• Mud season arrives

    Low blows are nothing new in politics. Mudslinging just might be as American as apple pie. A national pastime bent on winning voters via shock and scorn — or at the very least sticking it to the other guy to the delight of the already converted. As a daily deluge of political angst chases us

  • Everyone should get the chance to vote

    With the recent passage of LD 231, sponsored by state Sen. Chloe Maxmin (D-Lincoln) and co-sponsored by Rep. Nicole Grohoski (D-Ellsworth), unenrolled voters (more commonly referred to as independents) starting in 2024 will be allowed to vote in primary elections without having to enroll in a party first. Unenrolled voters can only choose one party

  • Cost is part of the digital divide

    The last two years have shown us that home access to high-speed internet is no luxury. When the pandemic hit, children needed to get online for school, their parents needed to connect for remote work and their grandparents could have used telemedicine to avoid being exposed to COVID in a doctor’s office. Almost everyone needed

  • An election twist

    The June 14 primary is a month away and some Hancock County voters will have an unusual opportunity. They can vote twice for the same candidate. That’s because Democrat Nicole Grohoski and Republican Brian Langley, both of Ellsworth, are running for the state Senate District 7 seat in the primary and in a special election

  • Digging the hole deeper

    They say that breaking up is hard to do but for the Municipal Review Committee — the organization that now represents 115 municipalities in the disposal of municipal solid waste — it has been disastrous. Years ago, after an unsuccessful bid to renegotiate a long-standing contract with the Penobscot Energy Recovery Co. (PERC) plant in

  • Let’s hear it for the moms

    Last year, bundled against the chill and without their children in tow (for once), a group of mothers gathered on a Boston football field. They were there to scream. Twenty minutes of unrestrained shouting later, they reported feeling lighter, freer, like a weight had been lifted. While so-called primal screaming is not for everyone, the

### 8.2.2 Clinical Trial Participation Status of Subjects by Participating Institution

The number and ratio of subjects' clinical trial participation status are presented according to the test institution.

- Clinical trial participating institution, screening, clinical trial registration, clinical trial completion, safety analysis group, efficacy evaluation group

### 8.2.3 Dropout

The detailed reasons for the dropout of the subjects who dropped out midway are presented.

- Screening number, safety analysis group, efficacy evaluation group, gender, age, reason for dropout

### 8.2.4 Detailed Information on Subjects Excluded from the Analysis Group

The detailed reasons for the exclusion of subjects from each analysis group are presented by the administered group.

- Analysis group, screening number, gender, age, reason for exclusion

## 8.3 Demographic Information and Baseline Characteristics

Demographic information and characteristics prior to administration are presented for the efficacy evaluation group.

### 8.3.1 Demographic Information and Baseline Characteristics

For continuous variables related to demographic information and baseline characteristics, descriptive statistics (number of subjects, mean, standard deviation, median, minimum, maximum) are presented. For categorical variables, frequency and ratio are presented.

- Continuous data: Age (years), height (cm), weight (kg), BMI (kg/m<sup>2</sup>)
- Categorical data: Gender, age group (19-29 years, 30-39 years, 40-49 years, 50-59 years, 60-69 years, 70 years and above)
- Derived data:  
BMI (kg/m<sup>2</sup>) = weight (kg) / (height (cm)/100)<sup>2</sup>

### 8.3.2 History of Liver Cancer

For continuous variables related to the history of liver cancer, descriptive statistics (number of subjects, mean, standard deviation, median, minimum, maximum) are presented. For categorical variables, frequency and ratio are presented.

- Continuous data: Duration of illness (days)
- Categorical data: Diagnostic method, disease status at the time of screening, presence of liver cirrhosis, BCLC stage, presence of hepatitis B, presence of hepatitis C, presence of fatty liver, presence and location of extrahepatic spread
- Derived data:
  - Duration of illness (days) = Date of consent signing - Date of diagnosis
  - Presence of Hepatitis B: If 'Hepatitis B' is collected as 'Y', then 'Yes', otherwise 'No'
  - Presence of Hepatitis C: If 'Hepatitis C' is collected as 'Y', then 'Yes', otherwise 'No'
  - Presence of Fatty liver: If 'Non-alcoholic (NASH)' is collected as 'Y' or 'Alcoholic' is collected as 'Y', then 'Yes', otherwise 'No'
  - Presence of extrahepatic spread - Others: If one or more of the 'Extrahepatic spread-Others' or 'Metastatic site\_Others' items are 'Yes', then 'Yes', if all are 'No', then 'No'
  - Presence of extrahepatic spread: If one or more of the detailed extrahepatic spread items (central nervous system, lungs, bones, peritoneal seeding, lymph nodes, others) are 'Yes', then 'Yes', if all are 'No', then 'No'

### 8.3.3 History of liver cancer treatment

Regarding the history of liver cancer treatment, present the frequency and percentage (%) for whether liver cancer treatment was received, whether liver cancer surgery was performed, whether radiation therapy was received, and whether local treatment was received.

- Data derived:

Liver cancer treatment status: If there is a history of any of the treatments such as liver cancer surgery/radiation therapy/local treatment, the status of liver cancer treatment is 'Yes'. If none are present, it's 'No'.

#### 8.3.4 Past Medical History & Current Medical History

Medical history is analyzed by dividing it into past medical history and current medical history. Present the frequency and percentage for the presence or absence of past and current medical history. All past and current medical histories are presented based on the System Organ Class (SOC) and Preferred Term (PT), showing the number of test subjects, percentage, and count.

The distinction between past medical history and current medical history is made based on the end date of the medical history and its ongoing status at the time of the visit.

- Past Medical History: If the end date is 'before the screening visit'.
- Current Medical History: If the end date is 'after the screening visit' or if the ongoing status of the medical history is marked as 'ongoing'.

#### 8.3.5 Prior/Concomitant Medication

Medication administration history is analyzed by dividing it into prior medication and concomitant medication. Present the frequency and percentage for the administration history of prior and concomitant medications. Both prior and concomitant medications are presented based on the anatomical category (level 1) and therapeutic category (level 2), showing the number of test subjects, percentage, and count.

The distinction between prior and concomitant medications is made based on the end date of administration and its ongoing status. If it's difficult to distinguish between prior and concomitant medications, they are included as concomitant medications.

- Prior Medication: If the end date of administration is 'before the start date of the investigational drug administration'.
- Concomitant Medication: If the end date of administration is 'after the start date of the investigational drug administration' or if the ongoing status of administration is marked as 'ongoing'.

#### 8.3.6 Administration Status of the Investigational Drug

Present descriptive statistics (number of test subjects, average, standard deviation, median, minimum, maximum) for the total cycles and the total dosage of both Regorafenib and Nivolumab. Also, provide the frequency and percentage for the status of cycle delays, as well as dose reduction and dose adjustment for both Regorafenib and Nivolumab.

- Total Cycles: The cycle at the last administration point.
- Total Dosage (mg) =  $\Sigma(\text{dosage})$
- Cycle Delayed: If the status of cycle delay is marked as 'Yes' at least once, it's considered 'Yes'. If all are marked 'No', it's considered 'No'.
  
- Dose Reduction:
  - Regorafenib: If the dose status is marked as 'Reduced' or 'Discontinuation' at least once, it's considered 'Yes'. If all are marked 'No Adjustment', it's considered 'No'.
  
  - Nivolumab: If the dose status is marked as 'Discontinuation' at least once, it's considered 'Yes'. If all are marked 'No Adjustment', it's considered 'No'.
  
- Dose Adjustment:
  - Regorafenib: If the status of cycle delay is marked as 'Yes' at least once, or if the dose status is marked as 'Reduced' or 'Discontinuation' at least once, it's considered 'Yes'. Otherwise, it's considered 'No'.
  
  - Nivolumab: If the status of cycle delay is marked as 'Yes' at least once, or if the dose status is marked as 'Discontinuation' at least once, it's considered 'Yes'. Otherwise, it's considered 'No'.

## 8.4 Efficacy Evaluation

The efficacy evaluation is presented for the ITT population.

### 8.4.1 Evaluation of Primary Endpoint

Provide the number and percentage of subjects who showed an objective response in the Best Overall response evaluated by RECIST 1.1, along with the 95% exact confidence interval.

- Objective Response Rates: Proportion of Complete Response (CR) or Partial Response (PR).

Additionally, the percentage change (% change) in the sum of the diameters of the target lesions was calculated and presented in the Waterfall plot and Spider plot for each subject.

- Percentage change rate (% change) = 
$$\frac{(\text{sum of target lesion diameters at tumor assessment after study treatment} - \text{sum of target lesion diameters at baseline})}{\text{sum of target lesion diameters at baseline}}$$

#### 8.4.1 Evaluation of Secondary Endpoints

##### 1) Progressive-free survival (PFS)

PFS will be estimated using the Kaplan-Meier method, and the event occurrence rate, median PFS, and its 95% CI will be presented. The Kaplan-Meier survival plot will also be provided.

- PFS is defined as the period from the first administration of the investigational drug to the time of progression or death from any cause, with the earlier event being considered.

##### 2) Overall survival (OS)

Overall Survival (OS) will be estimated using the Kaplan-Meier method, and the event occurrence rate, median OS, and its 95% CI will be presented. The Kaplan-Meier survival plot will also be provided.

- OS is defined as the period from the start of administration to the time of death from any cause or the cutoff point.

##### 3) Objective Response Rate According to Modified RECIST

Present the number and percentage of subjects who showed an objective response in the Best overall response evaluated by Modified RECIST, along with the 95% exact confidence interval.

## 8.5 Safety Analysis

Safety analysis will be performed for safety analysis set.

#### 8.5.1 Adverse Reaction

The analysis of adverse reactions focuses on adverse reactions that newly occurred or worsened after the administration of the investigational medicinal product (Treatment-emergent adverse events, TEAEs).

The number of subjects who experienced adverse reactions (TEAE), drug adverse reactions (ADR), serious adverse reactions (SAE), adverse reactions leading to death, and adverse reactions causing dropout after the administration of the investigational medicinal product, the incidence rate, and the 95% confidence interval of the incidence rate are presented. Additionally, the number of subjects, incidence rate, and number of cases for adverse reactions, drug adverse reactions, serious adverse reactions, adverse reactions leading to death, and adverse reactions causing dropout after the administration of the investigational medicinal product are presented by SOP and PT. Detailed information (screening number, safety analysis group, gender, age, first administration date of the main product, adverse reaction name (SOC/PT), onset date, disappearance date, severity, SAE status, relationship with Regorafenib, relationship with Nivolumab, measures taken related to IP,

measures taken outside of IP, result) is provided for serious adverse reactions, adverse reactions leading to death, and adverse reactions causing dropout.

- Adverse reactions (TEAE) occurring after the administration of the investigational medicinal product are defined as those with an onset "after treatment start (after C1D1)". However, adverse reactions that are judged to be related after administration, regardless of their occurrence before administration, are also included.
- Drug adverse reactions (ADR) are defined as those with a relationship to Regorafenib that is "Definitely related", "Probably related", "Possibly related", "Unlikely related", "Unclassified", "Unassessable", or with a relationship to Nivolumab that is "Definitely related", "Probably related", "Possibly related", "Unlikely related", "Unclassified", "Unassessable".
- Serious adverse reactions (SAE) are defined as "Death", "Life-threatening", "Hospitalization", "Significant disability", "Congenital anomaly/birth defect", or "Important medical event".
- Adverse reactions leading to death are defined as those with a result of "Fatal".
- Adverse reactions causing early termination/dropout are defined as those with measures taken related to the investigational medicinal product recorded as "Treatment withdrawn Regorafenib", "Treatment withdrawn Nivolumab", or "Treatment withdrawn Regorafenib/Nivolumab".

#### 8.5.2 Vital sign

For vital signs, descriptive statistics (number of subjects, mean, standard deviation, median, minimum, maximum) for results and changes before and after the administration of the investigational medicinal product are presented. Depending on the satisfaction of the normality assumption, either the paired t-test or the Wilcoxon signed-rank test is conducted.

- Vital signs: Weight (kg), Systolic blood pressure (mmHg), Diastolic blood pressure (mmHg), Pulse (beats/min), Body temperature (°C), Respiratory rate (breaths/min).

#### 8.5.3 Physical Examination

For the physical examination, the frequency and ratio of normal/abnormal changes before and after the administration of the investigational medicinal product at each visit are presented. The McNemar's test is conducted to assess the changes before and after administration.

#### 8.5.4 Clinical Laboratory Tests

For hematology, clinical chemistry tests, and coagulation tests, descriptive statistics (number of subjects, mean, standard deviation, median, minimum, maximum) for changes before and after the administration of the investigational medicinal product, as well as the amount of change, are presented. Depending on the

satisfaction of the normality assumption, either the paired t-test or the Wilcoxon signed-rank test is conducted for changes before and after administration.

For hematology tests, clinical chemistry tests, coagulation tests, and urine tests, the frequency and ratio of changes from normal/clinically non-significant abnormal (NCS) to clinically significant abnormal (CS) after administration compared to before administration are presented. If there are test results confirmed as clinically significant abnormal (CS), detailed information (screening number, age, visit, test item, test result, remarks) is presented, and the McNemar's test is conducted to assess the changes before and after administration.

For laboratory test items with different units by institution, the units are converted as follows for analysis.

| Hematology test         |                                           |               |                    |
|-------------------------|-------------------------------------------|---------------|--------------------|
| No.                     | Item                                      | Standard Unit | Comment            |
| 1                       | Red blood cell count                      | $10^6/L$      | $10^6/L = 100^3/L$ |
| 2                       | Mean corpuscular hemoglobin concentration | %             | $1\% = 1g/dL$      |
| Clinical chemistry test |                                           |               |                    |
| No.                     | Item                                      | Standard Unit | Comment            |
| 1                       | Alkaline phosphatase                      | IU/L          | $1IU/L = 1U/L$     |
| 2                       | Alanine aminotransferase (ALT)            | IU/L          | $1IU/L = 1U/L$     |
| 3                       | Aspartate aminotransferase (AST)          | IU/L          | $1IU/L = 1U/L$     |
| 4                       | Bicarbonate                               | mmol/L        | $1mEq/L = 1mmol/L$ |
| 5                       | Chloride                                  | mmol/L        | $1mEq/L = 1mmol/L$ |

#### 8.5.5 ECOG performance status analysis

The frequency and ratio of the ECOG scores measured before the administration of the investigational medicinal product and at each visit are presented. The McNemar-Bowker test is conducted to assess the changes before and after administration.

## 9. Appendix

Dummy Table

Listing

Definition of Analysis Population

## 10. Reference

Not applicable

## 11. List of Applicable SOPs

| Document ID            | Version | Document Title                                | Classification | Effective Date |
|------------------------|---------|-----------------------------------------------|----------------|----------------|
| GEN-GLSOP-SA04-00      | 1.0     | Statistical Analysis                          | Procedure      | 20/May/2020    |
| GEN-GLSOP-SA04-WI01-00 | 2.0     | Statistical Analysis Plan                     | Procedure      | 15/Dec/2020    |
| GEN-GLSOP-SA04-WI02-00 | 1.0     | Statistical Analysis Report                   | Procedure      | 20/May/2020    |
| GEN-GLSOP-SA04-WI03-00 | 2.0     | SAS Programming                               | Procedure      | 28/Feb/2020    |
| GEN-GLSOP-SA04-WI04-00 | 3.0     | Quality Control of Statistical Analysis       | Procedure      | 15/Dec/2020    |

• “An incredible ride”

    Jo Cooper is one of those tireless citizens who make you question whether retirement really means retiring. Nevertheless, few people are more deserving of some R&R, whether it lasts a month or a lifetime. Cooper is a Bar Harbor native, longtime Lamoine Select Board member and outgoing executive director of Friends in Action. Well-wishers gathered

  • Bipartisanship should be applauded

    The Maine Legislature came together last week on wide-ranging issues both in a supplemental budget and in a series of last-minute votes before the session ended. The headline from the passage of the $1.2 million supplemental budget is that $850 checks are headed to roughly 850,000 Mainers, but equally noteworthy is that it was passed

  • Dead in the water?

    American Aquafarms’ proposal to raise up to 66 million pounds of salmon annually in the shadow of Acadia National Park certainly made a splash. It remains to be seen whether the developers’ vision is buoyant enough for the project to resurface here or elsewhere in Maine. The state departments of Marine Resources and Environmental Protection

  • One swipe means one swipe

    The U.S. Department of Transportation’s National Highway Traffic Safety Administration last month released its 2020 annual traffic crash data, showing that 38,824 lives were lost in traffic crashes nationwide. That number marks the highest number of fatalities since 2007. Of that number, 3,142 people died in motor vehicle crashes involving distracted drivers. In Maine alone,

  • Squeezed from all sides

    The April 14 edition of this newspaper printed 101 help wanted advertisements (some for multiple positions) and two available apartments. Prospective homebuyers are facing low inventory and high prices. A dearth of housing options makes it hard to recruit employees outside commuting distance and commuting has gotten more expensive as gas prices rise. Without growing

  • Congress must tackle Social Security shortfall now, not later

    Twelve years ago, in 2010, the cost of delivering Social Security benefits to eligible Americans began exceeding the annual amount taken in from payroll taxes. In 11 more years, the well the government has been relying on to make up the difference will run dry. About 65 million people received Social Security benefits in 2020.